What's the learning lesson here? Occurrences of XSS vulnerabilities are not new but the interesting part is how the vulnerable application impacts the browser defined security components such as XSS filters. In this case study, Google Chrome XSS auditor (enabled by default) again fails to perform the desired work for what is designed for.

The idea here is not to show that there is an XSS bug in Intel website rather to show execution of XSS payloads depends on the application design and there is always an unexpected behavior. Even sophisticated client-side XSS filters can be bypassed easily. I do not have time to investigate what caused the XSS payload to bypass Chrome's XSS auditor. I will notify the Google Chrome team so that they can take a look into it.

Proof-of-Concept: I used the very simple payload : JavaScript:alert(document.cookie) in "URL" parameter for the vulnerable redirect.asp webpage.

Injected XSS Payload !

The payload gets embedded as a hyperlink in the webpage. Amazingly, the XSS auditor accepted to render that payload. So, the XSS injection worked successfully and resulted in cookie extraction.

Successful XSS Injection !
Keep on trying !

Tuesday, January 07, 2014

Code Nuances (or Bypassing XSS Filters) : Case Study

It is always fun to play around with deployed security mechanisms that are used for subverting application layer attacks. It is much more interesting to target applications enabled with protections (or that throw code nuances)  rather attacking protection-free applications. A simple case study of is presented below.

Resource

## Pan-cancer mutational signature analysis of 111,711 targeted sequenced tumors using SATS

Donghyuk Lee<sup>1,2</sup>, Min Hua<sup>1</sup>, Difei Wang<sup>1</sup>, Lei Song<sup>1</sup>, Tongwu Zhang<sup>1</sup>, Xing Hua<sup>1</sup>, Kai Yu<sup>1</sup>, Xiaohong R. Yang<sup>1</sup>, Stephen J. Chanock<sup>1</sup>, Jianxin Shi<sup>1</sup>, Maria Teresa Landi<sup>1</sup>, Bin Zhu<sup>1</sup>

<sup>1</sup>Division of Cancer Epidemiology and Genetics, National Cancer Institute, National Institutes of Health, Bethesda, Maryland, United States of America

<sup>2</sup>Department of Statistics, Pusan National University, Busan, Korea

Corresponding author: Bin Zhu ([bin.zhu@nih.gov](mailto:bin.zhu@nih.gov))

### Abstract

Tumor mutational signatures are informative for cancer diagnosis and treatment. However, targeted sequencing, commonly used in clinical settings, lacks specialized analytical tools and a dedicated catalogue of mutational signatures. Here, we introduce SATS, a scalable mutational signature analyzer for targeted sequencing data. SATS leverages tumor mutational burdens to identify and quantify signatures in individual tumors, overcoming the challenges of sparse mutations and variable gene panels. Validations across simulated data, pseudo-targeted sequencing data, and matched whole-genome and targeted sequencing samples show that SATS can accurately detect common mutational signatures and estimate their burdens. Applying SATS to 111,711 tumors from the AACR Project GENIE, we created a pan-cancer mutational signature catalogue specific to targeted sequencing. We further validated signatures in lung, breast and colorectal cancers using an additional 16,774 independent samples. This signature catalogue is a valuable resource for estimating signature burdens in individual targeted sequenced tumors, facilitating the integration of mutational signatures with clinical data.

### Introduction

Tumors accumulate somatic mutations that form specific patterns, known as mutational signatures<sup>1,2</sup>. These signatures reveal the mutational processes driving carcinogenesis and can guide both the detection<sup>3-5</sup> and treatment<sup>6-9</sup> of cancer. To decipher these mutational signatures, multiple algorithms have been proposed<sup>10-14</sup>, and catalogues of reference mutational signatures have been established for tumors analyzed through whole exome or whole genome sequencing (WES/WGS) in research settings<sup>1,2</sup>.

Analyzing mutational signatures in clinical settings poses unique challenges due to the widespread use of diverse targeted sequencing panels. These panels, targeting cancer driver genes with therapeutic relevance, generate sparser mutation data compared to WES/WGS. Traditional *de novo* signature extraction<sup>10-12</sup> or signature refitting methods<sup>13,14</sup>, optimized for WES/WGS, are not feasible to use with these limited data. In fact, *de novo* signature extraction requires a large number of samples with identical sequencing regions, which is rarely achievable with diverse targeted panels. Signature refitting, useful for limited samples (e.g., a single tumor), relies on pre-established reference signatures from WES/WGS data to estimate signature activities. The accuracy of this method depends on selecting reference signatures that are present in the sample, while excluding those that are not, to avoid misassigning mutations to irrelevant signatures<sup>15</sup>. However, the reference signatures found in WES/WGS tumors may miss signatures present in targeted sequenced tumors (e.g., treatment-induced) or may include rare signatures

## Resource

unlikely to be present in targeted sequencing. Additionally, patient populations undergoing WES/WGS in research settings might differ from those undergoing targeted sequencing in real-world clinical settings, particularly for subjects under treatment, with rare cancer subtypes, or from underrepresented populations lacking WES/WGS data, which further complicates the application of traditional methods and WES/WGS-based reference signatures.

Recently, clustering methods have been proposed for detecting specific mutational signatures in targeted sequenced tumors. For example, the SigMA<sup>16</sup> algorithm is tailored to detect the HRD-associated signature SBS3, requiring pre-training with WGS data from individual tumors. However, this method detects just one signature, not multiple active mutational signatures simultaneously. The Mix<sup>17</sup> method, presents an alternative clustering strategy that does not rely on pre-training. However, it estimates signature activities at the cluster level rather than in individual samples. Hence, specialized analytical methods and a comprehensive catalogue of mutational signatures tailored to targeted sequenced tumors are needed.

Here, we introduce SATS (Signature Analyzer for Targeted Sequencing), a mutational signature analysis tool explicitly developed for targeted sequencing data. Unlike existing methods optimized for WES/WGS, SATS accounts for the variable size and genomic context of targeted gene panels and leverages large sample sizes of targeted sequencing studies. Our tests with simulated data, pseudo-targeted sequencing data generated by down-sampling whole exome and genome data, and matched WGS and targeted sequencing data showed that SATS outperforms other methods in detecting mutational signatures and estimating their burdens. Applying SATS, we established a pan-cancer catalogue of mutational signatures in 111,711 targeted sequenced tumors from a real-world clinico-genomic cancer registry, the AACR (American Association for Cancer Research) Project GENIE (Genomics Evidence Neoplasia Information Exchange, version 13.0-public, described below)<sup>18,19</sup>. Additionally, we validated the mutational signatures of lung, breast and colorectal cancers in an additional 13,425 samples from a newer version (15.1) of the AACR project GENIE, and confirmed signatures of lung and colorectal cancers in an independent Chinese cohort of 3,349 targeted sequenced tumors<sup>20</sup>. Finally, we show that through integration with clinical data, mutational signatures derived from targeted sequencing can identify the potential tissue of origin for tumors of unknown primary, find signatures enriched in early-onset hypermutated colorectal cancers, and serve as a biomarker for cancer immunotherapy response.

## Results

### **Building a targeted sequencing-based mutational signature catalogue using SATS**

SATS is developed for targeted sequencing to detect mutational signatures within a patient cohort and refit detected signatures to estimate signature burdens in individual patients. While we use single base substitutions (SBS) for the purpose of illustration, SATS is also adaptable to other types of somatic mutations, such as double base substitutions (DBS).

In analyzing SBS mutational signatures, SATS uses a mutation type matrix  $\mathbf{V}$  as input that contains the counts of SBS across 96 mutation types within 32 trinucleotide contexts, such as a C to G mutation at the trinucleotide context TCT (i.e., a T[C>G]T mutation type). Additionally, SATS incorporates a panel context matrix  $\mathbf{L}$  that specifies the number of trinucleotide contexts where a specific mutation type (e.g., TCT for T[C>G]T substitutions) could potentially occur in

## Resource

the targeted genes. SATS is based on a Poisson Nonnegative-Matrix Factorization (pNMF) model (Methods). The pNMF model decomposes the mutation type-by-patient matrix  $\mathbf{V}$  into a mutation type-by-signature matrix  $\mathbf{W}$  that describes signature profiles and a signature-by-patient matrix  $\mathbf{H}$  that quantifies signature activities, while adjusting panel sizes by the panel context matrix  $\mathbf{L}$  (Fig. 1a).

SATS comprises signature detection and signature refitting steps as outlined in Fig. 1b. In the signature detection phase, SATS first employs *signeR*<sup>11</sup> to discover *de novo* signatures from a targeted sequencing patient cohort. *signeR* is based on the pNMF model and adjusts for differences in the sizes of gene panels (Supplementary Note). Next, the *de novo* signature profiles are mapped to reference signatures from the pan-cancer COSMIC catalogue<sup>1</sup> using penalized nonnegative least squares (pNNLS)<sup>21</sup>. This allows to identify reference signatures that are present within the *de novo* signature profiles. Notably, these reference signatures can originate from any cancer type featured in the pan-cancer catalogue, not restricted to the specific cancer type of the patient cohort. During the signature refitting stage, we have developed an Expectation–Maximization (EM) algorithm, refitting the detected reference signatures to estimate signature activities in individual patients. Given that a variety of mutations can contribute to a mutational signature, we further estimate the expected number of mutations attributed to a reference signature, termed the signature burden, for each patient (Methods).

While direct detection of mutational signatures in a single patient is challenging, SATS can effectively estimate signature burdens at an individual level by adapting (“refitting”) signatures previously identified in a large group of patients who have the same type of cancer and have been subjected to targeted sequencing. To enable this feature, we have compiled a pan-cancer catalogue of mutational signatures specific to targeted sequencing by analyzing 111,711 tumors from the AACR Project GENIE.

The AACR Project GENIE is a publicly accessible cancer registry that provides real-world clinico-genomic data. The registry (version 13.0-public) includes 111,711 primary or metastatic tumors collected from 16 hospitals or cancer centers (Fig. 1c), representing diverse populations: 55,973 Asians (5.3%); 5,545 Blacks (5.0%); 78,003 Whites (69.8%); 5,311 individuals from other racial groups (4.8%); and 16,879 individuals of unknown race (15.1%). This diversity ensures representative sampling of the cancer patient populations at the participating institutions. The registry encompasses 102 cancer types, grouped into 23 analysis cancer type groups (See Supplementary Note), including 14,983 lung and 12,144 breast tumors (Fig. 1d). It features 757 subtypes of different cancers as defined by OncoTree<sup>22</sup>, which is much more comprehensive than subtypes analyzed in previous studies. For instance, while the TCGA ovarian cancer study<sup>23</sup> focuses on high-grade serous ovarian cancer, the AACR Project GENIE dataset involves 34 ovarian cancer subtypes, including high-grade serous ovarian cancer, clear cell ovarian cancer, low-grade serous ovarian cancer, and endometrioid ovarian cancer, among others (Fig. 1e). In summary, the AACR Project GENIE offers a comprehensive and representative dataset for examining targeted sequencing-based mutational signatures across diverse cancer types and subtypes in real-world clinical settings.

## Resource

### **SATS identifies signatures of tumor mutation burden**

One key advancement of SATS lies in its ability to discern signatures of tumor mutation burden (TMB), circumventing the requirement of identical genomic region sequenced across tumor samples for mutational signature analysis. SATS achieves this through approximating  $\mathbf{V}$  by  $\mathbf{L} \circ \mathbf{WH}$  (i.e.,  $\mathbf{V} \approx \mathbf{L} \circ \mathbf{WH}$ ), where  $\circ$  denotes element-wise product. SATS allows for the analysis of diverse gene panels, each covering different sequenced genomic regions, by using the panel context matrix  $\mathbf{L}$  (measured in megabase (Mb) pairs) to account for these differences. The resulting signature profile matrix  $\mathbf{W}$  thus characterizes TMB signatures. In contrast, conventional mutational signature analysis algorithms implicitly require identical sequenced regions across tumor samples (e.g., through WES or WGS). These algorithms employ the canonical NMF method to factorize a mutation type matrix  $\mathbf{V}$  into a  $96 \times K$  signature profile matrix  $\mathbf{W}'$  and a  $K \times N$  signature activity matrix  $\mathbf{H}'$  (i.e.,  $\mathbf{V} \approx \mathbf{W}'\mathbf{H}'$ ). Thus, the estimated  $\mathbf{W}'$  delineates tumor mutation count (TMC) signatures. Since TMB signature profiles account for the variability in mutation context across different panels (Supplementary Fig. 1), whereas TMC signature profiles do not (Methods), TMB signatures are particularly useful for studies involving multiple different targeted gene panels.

Acknowledgement: I would like to thank Gavin from Hexillion Group ( for patching this issue within few hours.

Case Study: Recently working on a domain dossier (http:/// website for my ongoing research, I came across with interesting scenario where I have to bypass some glitches in the code (or filter) to execute the XSS code. I wanted to perform link injection with payload :
"/>&<a href=""> Injecting SWF Payload </a>
Error due to Injection !

The error I encountered was: "has multiple items separated by spaces, but only one input is allowed at a time. Domain Dossier will continue with"

The error clearly indicates that the input has to be provided as one value. It means the injection payload has to be pushed as one value. I tried a number of payloads with different meta characters which resulted in same responses until I found the XSS payload that bypassed everything in this scenario.  I played around with the white spaces and tried to remove them with certain characters that allowed me to execute the JavaScript (one can find more payloads but depending on the time, I was satisfied with that because the bypass was done already). Overall it was a game play for 10 minutes.

Original : "/><a href=""> Injecting SWF Payload </a>
Bypass: "/><a//href="">Injecting_SWF_Payload</a>
Bypass: "/><a/href="">Injecting_SWF_Payload</a>
Note: I used "/", "//" and "_" characters to treat the payload as one value and pushed it. As a result injection occurs as follows:

Successful Rendering of XSS Payload !
 The supplied payload resulted in successful XSS injection in the target application.

Successful Execution of Payload !